One-way quarantine-free travel to New Zealand will be extended to include Nauru, Tuvalu and American Samoa, Associate Minister of Foreign Affairs and Health, Aupito William Sio announced today.
“I am pleased to announce that from 11.59 pm 27 February, eligible travellers from Nauru, Tuvalu and American Samoa, will be able to enter New Zealand without entering MIQ or self-isolation on arrival, as air routes become available. This is in recognition that these countries have no COVID-19 community cases,” the Minister said.
“Initially travel will be open to people who have a right to reside in New Zealand and those covered by border exceptions.”
There will be no pre-departure test required, but non-New Zealand citizens must be vaccinated, he said.
“If travellers transit another quarantine-free travel country (like Samoa or Vanuatu) they will still enter New Zealand with no isolation or quarantine required. If travellers transit a non-quarantine-free travel country (like Australia or Fiji), they will be subject to the same entry and testing requirements as other travellers from that country.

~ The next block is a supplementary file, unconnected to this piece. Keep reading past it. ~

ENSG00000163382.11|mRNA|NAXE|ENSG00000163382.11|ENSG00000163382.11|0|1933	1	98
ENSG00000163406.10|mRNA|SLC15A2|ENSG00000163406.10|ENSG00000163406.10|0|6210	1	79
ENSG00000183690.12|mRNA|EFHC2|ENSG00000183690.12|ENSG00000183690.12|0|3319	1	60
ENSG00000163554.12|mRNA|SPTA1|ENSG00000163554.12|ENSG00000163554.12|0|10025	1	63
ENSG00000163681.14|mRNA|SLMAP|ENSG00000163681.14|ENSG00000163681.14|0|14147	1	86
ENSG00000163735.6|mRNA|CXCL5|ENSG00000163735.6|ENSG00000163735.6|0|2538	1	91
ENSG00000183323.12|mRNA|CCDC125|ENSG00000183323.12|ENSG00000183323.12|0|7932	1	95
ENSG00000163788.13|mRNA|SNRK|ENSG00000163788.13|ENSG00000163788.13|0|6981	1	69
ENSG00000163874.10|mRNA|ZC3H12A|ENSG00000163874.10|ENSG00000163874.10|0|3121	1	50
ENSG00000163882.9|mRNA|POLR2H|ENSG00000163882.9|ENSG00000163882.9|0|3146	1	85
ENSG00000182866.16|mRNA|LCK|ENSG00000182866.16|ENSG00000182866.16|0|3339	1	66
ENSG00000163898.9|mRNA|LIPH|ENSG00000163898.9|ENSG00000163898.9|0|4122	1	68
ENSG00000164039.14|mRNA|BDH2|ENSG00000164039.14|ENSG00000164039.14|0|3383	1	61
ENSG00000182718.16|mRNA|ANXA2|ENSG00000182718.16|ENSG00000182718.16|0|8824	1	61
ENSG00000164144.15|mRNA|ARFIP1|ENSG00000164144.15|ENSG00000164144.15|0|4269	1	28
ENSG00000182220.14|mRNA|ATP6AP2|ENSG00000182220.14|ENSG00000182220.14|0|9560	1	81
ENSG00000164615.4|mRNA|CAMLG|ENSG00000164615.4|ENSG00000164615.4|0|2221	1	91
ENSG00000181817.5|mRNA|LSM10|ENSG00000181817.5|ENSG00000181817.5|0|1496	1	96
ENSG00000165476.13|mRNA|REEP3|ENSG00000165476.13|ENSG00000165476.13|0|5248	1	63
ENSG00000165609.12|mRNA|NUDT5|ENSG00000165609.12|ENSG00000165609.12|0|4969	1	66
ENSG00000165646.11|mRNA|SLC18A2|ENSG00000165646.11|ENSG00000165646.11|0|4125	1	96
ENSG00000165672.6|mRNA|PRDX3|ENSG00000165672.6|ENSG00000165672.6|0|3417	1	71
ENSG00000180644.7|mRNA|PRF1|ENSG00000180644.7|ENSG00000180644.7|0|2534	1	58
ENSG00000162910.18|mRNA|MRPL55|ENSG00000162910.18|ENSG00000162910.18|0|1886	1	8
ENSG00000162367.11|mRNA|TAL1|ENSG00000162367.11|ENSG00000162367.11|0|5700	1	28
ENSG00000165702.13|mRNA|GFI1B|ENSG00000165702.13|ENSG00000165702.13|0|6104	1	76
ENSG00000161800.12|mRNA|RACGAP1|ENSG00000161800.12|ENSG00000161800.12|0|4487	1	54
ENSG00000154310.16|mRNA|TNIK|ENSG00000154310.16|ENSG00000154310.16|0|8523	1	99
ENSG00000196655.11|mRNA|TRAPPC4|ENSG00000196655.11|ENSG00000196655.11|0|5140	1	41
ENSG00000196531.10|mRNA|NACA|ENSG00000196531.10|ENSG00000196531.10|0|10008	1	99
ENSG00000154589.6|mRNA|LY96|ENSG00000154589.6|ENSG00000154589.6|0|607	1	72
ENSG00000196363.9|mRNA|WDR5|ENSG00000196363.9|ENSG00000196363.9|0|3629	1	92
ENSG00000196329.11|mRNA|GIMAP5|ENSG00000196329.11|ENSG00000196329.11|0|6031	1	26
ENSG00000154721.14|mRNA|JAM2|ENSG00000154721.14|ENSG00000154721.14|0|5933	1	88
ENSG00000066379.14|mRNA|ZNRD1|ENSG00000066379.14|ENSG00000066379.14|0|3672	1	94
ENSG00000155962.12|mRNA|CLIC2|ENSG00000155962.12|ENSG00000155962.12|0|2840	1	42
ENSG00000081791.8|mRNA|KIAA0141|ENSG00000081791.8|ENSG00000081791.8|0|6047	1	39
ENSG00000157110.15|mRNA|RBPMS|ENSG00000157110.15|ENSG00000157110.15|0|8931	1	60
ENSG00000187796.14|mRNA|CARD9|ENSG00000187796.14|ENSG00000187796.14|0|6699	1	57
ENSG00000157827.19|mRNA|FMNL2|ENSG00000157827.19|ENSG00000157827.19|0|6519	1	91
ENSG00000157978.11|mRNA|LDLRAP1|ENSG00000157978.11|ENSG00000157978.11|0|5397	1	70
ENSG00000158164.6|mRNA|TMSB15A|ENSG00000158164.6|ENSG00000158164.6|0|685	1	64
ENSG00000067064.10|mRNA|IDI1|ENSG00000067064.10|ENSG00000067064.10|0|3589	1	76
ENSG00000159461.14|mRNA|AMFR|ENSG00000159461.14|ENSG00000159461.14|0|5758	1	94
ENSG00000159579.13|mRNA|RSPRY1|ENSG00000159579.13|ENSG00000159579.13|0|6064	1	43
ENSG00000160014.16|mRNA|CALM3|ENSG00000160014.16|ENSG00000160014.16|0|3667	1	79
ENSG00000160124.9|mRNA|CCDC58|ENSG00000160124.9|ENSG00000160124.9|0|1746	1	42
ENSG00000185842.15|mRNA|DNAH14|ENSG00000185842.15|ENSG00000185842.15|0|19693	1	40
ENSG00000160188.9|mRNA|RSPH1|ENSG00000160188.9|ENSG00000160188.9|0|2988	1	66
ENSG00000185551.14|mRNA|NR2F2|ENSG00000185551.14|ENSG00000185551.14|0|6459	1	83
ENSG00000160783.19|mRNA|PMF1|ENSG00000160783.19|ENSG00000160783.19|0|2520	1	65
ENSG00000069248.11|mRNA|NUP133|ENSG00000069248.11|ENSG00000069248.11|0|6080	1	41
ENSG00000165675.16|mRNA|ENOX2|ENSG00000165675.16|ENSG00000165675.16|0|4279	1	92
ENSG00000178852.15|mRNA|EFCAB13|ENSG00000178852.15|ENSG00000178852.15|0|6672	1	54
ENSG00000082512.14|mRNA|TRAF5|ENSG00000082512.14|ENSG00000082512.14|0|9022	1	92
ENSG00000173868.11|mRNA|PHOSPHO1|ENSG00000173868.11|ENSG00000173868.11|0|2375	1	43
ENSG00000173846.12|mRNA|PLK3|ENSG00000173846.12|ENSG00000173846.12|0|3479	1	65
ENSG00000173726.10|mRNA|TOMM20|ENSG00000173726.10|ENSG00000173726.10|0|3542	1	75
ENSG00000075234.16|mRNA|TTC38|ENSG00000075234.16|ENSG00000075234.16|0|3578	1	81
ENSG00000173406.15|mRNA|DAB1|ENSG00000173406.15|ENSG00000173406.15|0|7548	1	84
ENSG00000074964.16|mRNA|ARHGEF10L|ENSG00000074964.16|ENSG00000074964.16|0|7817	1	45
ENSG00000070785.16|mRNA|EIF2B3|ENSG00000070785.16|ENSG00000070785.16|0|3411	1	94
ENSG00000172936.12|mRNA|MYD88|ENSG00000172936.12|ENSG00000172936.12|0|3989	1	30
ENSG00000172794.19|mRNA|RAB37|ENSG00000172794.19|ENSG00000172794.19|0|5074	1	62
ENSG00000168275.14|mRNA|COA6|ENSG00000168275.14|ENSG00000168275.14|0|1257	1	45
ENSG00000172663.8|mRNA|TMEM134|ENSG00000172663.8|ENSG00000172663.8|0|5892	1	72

“The Government has announced its plan for the staged opening of our borders, which will make it easier for many more people to reconnect and travel to New Zealand from other parts of the world.
“Opening up to travellers from parts of the Pacific where COVID-19 risks are low is part of this plan. We currently have quarantine-free travel for travellers coming to New Zealand from the Cook Islands, Niue, Samoa, Tokelau and Vanuatu.
“Extending this to Nauru, Tuvalu and American Samoa is an important step in further reconnecting with our Pacific whānau, bringing significant social and economic benefits and reflecting the importance of links across our region. It demonstrates our commitment to the principle of whanaungatanga with the Pacific,” he said.